Pete Davies is the author of eleven works of fiction and non-fiction, variously published in the UK, the USA, Italy and Japan. He is forty-four years old, and lives with his wife and two children in West Yorkshire, England.
After studying English Literature & Language at Oxford, Davies worked as a cocktail barman for nine months of 1980-81 in a London nightclub owned by Richard Branson. He then wrote advertising copy for two and a half years - the only salaried employment in his life - before flying to Morocco in the spring of 1984 to write his first novel at the age of 25.
He’d actually written two other novels before this, one as a student, and another in the gap between nightclub and ad agency - but by his own admission, both were unreadably bad. It was the discipline learnt whilst writing copy that made the difference, and Davies maintains to this day that any one week in that ad agency was more useful to him as a writer than all of his three years at Oxford.
The first draft of The Last Election was written in two weeks in a room on the roof of a hotel in Rabat, and it was enough of an improvement on the earlier efforts that a contract was secured with Andre Deutsch in London towards the end of 1984. Clutching a Remington portable, Davies flew to Peru, and spent two months in that country and in Bolivia producing the final draft.
The novel was published in the UK, the USA and Italy in 1986, and the critics were kind:
“A fast, inventive and funny thriller which holds us to the last” - The Observer.
“If Brazil had been based on a novel, it might well have been The Last Election” - Terry Gilliam.
“Very impressive ... a highly original and chilling satire” - The Literary Review.
In 1988, Davies moved from London to the small village of Glyn Ceirog in North Wales. At this time, using money earned as a freelance copywriter in coprorate communications, he was traveling widely in the United States, Central America, Africa and Eastern Europe. Journeys to Kenya, Wisconsin, and Nicaragua during the Contra war eventually formed the background to a second novel, Dollarville.
Finished in a hotel two blocks from the White House as George Bush the Elder was being inaugurated, Dollarville attempted a satirical sally against Reaganism just as The Last Election had tackled Thatcherism in Great Britain, and again the critics were kind. “Mr Davies,” said the New York Times Book Review, “possesses a mischievous, wry wit and a wonderful eye for the illuminating detail.”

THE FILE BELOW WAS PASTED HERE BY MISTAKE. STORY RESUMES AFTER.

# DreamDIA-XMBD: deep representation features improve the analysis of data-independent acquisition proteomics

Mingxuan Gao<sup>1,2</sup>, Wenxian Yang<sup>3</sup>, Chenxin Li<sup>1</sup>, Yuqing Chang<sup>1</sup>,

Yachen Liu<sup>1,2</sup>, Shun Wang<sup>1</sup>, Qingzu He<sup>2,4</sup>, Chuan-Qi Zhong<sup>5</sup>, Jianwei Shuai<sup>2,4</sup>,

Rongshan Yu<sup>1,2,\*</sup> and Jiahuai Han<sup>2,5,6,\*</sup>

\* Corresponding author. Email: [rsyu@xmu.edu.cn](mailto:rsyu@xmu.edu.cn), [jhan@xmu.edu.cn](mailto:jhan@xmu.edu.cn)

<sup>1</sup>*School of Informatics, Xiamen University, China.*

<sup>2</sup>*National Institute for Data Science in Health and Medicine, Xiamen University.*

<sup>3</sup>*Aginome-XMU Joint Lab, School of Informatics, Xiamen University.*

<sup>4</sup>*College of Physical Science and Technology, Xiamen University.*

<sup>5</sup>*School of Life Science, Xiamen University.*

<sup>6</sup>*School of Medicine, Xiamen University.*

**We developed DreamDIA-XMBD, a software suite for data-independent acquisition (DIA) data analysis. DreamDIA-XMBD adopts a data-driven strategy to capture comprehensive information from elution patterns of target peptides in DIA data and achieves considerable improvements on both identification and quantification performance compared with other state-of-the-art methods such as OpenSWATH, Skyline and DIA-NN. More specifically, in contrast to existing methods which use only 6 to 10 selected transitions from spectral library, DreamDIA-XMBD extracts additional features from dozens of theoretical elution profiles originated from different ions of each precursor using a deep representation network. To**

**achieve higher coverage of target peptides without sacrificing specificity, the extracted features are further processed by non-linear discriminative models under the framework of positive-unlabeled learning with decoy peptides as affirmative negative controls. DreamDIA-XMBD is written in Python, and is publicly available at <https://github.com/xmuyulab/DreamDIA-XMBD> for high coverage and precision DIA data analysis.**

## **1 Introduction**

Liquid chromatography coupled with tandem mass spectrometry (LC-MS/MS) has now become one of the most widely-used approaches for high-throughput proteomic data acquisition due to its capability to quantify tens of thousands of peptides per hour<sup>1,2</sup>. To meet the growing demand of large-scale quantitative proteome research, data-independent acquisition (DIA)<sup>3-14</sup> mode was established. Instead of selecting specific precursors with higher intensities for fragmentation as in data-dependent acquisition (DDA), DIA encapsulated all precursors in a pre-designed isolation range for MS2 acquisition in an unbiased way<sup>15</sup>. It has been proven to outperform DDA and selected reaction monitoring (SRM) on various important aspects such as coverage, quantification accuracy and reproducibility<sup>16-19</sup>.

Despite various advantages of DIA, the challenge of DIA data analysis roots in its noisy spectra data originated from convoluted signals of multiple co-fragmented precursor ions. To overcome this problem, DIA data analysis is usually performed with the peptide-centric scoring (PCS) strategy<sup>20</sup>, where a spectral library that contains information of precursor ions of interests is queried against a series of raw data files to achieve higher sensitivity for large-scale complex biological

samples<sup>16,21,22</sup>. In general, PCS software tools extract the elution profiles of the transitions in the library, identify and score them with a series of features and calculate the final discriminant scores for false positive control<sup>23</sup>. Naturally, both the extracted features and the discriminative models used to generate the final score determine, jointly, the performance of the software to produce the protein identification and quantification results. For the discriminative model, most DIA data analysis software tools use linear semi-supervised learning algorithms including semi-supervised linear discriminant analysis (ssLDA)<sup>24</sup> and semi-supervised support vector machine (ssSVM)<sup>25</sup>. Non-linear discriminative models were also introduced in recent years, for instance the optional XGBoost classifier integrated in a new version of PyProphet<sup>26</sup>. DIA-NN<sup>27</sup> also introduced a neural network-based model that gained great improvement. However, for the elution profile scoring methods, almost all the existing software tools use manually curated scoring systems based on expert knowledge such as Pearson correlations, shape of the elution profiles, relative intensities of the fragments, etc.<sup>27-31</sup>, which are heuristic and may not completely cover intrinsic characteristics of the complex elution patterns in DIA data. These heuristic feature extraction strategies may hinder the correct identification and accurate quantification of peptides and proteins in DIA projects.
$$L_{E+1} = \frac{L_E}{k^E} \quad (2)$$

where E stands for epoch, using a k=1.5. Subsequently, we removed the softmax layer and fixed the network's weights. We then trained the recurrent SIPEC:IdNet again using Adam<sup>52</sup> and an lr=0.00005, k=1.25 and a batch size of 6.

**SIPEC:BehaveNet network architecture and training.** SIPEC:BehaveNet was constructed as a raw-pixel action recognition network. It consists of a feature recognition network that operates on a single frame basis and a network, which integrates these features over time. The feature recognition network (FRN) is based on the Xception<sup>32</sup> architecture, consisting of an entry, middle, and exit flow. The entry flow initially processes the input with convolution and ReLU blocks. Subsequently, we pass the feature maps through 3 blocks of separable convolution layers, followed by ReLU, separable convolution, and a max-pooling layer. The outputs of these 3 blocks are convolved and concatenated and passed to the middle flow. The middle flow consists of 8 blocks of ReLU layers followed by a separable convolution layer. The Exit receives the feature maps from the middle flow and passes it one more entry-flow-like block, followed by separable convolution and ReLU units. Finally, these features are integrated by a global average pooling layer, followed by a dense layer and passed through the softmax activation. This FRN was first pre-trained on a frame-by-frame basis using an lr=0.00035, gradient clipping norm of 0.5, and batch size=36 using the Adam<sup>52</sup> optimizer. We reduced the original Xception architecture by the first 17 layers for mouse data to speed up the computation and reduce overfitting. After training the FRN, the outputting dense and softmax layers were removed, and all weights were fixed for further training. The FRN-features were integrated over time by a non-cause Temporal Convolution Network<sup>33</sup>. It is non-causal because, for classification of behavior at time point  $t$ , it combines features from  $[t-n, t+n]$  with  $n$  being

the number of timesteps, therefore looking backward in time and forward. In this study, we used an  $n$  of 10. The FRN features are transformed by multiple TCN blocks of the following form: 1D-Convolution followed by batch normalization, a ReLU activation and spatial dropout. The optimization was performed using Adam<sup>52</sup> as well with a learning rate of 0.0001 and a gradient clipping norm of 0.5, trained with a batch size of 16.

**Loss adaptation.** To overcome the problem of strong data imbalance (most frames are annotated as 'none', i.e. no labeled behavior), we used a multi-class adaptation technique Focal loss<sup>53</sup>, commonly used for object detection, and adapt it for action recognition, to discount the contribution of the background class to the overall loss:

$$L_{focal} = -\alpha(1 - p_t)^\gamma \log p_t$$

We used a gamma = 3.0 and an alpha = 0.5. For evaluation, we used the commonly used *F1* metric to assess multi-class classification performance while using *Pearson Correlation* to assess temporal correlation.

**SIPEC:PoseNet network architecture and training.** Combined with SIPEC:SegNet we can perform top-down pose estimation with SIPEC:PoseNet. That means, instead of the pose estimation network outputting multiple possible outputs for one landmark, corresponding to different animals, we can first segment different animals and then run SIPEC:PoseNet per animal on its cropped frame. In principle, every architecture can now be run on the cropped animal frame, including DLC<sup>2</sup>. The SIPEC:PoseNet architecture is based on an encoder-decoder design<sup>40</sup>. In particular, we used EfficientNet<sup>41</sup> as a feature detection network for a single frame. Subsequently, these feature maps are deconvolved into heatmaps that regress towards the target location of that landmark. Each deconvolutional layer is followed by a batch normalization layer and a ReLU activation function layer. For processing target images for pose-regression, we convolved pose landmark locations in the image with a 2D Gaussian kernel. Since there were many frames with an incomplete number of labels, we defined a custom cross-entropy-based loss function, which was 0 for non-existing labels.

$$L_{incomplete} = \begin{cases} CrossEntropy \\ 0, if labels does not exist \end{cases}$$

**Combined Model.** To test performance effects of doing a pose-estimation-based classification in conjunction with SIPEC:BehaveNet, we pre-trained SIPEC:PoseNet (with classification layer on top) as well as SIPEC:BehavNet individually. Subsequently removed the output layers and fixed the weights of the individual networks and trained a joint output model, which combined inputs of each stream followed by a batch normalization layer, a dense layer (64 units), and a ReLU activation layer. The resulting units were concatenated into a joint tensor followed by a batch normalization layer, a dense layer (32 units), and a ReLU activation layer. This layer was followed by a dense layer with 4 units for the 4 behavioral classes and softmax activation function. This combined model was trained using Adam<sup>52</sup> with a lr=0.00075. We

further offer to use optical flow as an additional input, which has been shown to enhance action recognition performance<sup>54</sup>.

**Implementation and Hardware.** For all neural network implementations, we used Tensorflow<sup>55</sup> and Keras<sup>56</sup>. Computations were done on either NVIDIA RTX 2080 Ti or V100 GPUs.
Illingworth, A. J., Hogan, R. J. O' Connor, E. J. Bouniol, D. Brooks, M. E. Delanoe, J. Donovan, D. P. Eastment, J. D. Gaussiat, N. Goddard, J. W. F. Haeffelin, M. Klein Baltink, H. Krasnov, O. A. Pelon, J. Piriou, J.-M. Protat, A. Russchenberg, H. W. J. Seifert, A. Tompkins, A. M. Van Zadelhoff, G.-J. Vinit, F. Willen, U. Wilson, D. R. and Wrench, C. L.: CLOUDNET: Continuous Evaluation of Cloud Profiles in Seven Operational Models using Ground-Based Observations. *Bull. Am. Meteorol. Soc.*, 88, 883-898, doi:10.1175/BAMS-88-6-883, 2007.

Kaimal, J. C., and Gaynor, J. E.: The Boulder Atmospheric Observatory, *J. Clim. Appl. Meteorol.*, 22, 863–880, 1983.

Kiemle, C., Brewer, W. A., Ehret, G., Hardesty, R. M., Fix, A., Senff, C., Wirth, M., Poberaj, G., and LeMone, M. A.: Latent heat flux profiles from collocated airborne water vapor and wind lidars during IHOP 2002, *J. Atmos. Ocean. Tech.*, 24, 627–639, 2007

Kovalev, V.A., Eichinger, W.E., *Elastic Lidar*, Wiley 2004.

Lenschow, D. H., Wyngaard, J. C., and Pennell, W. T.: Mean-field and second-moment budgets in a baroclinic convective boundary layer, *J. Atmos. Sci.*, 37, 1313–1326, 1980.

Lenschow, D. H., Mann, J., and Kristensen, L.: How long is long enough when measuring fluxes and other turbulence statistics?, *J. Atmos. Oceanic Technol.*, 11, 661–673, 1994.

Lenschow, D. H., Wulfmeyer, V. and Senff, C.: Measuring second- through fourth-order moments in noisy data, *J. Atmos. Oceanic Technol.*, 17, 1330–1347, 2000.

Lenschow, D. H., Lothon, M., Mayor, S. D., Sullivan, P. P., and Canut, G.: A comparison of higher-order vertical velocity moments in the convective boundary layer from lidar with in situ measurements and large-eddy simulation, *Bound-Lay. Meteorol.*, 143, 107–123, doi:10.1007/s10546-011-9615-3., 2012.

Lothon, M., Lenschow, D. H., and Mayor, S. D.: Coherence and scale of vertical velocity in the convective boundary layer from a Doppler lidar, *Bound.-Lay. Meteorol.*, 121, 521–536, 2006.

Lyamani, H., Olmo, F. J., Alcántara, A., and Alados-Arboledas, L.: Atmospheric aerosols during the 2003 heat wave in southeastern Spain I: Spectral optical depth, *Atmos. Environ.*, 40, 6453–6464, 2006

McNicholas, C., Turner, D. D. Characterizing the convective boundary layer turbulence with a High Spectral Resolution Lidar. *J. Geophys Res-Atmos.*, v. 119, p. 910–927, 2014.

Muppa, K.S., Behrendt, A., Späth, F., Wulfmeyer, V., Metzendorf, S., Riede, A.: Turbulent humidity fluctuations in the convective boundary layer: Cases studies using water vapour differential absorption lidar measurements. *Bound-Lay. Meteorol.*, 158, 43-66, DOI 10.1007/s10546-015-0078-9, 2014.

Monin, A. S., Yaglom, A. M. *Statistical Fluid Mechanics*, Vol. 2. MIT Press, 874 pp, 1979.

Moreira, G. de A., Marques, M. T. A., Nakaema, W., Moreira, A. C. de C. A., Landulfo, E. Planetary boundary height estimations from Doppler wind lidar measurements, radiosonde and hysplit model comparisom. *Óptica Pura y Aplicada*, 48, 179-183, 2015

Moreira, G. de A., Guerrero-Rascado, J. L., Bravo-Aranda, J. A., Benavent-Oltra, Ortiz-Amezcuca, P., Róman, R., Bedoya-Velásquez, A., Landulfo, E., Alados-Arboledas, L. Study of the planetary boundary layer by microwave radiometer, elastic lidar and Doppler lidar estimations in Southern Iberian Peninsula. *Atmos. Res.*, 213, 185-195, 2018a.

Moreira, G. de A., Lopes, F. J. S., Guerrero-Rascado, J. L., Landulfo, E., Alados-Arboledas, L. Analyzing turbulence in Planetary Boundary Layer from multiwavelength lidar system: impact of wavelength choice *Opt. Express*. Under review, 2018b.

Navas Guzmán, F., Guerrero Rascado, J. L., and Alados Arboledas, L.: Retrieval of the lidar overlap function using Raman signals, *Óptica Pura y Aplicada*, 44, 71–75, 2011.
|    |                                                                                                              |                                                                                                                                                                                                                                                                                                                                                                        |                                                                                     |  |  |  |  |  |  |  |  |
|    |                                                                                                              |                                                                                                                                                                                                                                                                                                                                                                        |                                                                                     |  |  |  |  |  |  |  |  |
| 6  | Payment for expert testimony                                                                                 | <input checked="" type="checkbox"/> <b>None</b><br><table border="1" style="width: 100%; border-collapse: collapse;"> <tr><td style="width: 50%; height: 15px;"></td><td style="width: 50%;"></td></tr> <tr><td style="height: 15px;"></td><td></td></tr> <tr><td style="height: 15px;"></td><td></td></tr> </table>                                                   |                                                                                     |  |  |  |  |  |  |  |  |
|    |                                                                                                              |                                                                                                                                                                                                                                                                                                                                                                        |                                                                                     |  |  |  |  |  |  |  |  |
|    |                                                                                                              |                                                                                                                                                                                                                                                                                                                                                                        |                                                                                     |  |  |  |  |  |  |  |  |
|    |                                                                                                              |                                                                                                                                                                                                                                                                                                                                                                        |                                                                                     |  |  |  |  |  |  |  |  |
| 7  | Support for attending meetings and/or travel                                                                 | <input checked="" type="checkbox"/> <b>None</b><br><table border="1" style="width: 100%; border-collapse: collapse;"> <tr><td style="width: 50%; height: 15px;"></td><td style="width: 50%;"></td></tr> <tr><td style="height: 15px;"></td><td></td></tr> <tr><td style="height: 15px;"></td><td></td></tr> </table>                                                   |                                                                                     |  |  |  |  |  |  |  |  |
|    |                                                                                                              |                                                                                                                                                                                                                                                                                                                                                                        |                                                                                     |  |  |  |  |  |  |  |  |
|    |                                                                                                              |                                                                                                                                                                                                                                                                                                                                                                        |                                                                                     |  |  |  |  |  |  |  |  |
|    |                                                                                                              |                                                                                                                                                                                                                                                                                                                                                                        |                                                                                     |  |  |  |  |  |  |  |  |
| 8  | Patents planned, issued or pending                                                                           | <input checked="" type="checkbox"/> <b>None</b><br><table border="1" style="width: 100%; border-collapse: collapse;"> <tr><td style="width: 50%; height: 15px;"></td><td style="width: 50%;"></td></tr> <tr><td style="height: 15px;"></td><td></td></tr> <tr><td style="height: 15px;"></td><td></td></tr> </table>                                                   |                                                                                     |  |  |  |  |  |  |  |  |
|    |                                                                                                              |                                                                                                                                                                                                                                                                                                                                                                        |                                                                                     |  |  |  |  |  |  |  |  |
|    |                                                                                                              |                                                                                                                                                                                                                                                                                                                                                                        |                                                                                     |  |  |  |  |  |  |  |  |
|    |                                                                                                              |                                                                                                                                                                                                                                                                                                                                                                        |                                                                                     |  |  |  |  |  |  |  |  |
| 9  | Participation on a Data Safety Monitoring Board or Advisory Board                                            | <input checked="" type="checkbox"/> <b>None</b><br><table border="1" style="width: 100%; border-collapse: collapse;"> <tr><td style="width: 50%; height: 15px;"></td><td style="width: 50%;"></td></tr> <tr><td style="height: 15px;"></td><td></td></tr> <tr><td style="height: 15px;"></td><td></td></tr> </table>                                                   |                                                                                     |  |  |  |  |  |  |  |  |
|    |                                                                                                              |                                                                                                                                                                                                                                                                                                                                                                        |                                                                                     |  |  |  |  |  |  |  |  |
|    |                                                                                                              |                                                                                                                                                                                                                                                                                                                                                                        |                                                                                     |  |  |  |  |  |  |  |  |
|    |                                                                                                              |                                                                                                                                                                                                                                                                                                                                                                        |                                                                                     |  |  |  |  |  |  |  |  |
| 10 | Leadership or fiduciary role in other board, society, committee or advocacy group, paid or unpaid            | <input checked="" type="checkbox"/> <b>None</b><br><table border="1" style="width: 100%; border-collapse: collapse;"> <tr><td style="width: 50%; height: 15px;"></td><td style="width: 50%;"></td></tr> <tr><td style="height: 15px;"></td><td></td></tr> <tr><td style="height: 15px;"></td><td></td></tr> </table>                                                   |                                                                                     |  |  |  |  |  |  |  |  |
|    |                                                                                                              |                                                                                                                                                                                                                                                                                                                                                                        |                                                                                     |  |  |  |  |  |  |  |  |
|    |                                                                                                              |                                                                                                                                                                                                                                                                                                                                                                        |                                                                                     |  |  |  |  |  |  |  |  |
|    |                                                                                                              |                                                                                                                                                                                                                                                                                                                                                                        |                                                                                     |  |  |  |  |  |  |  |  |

For all that, Davies now thinks Dollarville to be his worst book, believing that while it may have had some good things about it, in general it was naive, chaotic, and overambitious. It didn’t sell well, and (although he didn’t know it at the time) along with his thirtieth birthday, it marked the end of his time writing fiction.
He wasn’t troubled, because by the time Dollarville came out he was already deep into the next project - the one which made his name in Great Britain.
All Played Out is the true story of the England soccer team’s epic journey to the semi-final of the 1990 World Cup in Turin, Italy. Commissioned by William Heinemann in London, it was a brave piece of publishing for two reasons.
Firstly, when the contract was drawn up, England hadn’t even qualified for the tournament - and no one gave them much chance of success in it if they did qualify either. Secondly, soccer at that time was distinctly unfashionable in England, a grubby, loutish, violence-racked ogre of a sport so ill-favored that Margaret Thatcher had actually wanted to ban England from taking part in Italy at all. In consequence, apart from bland, barely literate, ghost-written ‘autobiographies’ of the odd leading player, no one published books about it. Most likely, no one thought soccer fans could read.
All Played Out changed those perceptions forever, paving the way for Nick Hornby’s marvelous Fever Pitch and its many lesser imitators. Blessed with the good fortune of following a team that actually turned out to be marvelously good, and whose heroic failure to make the final had thirty million viewers in tears before the television back home, Davies found himself riding a tempestuous rollercoaster of sport, riot, journalistic mischief, and Italian organization.
At Italia ‘90 he went to twelve matches in six different cities in twenty-seven days - then wrote a 470-page book about it in two months flat. Finished by September, it was in the shops in November, and immediately hit No.11 in the non-fiction chart - something unheard of for a sports book at the time - but then, rarely had a sports book attracted reviews like these: